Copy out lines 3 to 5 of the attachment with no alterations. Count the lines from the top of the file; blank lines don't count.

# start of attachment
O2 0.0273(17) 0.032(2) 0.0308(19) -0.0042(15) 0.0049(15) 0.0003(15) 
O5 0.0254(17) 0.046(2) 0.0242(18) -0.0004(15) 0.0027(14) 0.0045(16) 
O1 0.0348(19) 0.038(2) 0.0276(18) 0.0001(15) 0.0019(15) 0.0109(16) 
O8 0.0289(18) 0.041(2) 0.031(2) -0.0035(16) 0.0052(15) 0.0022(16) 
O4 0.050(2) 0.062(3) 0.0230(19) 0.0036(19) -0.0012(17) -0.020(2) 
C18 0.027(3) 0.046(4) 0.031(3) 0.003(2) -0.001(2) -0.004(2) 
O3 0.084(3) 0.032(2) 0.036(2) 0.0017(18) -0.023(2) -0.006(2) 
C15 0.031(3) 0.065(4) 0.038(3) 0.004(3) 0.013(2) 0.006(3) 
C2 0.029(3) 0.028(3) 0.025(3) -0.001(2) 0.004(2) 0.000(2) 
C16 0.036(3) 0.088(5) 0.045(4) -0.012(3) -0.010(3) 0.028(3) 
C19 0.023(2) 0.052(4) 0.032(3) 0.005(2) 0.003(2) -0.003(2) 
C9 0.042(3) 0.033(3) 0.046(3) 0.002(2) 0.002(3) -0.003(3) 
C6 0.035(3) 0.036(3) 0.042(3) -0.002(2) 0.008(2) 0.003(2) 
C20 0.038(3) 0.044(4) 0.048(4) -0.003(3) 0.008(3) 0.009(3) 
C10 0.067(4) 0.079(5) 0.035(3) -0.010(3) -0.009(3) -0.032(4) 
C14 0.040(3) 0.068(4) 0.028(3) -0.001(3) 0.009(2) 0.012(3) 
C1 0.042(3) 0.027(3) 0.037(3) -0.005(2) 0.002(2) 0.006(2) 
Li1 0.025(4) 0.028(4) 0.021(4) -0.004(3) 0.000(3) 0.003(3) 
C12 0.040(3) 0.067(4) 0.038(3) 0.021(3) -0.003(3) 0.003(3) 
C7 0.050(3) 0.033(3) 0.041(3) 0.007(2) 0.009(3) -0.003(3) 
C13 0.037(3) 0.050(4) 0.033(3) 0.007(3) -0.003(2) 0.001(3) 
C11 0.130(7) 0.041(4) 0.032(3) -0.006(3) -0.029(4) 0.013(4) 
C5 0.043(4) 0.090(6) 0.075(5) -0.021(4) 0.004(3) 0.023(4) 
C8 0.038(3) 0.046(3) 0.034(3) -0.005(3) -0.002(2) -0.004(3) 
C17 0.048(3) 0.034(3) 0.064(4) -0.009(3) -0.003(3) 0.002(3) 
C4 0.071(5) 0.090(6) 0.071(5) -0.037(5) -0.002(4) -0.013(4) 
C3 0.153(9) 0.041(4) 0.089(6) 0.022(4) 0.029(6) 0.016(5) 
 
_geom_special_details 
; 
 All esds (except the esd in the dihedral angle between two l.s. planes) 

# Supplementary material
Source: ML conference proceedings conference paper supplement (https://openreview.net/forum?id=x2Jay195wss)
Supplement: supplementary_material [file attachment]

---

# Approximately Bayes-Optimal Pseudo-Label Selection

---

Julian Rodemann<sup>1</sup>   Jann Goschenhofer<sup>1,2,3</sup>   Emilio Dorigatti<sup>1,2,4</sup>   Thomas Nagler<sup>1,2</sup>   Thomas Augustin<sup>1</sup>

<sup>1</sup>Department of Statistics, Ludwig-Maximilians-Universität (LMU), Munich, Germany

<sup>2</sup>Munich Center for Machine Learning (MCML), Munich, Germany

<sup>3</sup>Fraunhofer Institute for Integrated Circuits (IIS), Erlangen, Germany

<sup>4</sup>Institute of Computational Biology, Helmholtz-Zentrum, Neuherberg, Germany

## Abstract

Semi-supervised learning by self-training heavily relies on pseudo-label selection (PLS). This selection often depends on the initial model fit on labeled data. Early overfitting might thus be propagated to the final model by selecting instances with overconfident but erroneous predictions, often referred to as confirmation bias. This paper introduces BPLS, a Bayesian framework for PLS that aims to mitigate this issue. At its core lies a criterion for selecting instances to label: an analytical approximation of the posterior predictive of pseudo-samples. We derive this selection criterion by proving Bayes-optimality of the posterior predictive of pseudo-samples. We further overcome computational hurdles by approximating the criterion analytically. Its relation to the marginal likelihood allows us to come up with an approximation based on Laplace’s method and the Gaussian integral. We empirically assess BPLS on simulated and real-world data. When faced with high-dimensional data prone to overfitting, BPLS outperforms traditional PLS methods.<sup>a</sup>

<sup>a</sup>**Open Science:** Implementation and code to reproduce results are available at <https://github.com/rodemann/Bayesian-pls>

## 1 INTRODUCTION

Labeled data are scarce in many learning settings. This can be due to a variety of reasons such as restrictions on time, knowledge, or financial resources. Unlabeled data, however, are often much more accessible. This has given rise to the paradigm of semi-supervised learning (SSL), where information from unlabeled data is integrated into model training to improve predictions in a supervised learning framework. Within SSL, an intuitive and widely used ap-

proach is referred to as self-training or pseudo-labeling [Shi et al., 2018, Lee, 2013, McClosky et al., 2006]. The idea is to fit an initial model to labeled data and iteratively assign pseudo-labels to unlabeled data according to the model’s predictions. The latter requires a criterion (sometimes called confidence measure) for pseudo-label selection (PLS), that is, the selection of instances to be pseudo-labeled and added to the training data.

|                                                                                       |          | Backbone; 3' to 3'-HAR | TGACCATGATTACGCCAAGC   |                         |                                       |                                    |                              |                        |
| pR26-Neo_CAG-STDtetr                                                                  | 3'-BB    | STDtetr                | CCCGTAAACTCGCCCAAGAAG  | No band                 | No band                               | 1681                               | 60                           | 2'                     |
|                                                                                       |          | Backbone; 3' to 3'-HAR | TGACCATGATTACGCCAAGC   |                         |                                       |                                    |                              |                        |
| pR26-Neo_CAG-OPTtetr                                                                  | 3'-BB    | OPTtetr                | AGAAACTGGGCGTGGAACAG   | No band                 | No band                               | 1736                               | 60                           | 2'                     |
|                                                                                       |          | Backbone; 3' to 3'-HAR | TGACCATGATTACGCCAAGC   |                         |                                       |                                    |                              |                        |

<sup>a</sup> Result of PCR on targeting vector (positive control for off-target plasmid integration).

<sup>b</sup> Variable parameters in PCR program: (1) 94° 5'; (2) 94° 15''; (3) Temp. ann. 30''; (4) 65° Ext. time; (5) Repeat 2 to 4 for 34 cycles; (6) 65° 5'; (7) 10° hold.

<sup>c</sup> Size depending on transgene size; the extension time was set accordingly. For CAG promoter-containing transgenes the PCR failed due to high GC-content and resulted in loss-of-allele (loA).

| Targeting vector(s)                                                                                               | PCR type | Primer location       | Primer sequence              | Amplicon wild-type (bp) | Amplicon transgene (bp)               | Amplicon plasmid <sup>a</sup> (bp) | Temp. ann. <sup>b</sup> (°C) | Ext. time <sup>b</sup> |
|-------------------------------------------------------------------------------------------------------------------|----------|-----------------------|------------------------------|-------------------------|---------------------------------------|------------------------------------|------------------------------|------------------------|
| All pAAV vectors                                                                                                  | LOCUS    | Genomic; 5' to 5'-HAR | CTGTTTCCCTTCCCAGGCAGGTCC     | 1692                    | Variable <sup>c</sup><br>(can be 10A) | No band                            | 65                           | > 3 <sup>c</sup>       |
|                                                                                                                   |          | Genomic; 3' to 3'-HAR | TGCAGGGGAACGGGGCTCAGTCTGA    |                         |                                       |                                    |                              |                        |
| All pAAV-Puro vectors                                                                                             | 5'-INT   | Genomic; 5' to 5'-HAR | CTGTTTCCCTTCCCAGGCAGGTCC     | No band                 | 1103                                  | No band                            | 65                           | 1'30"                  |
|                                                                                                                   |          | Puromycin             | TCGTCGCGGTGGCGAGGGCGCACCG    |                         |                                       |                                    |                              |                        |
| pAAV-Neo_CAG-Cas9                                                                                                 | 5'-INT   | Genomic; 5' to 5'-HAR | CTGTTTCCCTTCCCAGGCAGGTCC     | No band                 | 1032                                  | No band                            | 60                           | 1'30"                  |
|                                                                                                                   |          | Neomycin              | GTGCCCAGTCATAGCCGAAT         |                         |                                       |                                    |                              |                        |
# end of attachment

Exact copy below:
O1 0.0348(19) 0.038(2) 0.0276(18) 0.0001(15) 0.0019(15) 0.0109(16) 
O8 0.0289(18) 0.041(2) 0.031(2) -0.0035(16) 0.0052(15) 0.0022(16) 
O4 0.050(2) 0.062(3) 0.0230(19) 0.0036(19) -0.0012(17) -0.020(2) 